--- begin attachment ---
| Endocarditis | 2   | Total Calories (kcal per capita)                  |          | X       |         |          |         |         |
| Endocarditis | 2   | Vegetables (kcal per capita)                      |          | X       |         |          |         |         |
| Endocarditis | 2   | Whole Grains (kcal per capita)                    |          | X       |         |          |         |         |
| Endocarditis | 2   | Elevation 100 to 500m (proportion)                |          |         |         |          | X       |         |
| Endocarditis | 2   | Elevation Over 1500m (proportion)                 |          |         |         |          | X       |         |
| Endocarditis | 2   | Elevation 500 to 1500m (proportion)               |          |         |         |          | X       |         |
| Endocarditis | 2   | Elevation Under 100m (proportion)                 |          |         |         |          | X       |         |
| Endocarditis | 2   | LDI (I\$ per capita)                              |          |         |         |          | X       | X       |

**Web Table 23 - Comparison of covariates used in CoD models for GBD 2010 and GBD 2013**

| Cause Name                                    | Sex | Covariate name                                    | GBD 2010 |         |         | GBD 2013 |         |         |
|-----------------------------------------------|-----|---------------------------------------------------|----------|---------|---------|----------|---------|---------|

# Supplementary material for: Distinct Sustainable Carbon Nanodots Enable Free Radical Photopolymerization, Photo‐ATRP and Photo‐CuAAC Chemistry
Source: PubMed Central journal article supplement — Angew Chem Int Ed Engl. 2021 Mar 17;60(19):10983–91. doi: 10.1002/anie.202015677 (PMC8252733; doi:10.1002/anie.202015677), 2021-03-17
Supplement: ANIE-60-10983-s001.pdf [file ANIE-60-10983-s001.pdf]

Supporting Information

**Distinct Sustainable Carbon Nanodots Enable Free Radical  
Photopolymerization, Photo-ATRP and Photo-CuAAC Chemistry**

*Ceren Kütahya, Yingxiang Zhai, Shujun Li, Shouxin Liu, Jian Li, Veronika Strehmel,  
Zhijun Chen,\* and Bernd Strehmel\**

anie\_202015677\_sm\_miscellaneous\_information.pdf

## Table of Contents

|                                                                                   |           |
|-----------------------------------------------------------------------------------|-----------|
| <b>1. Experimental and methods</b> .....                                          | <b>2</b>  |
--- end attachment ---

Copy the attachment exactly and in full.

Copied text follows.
| Endocarditis | 2   | Total Calories (kcal per capita)                  |          | X       |         |          |         |         |
| Endocarditis | 2   | Vegetables (kcal per capita)                      |          | X       |         |          |         |         |
| Endocarditis | 2   | Whole Grains (kcal per capita)                    |          | X       |         |          |         |         |
| Endocarditis | 2   | Elevation 100 to 500m (proportion)                |          |         |         |          | X       |         |
| Endocarditis | 2   | Elevation Over 1500m (proportion)                 |          |         |         |          | X       |         |
| Endocarditis | 2   | Elevation 500 to 1500m (proportion)               |          |         |         |          | X       |         |
| Endocarditis | 2   | Elevation Under 100m (proportion)                 |          |         |         |          | X       |         |
| Endocarditis | 2   | LDI (I\$ per capita)                              |          |         |         |          | X       | X       |

**Web Table 23 - Comparison of covariates used in CoD models for GBD 2010 and GBD 2013**

| Cause Name                                    | Sex | Covariate name                                    | GBD 2010 |         |         | GBD 2013 |         |         |
|-----------------------------------------------|-----|---------------------------------------------------|----------|---------|---------|----------|---------|---------|

# Supplementary material for: Distinct Sustainable Carbon Nanodots Enable Free Radical Photopolymerization, Photo‐ATRP and Photo‐CuAAC Chemistry
Source: PubMed Central journal article supplement — Angew Chem Int Ed Engl. 2021 Mar 17;60(19):10983–91. doi: 10.1002/anie.202015677 (PMC8252733; doi:10.1002/anie.202015677), 2021-03-17
Supplement: ANIE-60-10983-s001.pdf [file ANIE-60-10983-s001.pdf]

Supporting Information

**Distinct Sustainable Carbon Nanodots Enable Free Radical  
Photopolymerization, Photo-ATRP and Photo-CuAAC Chemistry**

*Ceren Kütahya, Yingxiang Zhai, Shujun Li, Shouxin Liu, Jian Li, Veronika Strehmel,  
Zhijun Chen,\* and Bernd Strehmel\**

anie\_202015677\_sm\_miscellaneous\_information.pdf

## Table of Contents

|                                                                                   |           |
|-----------------------------------------------------------------------------------|-----------|
| <b>1. Experimental and methods</b> .....                                          | <b>2</b>  |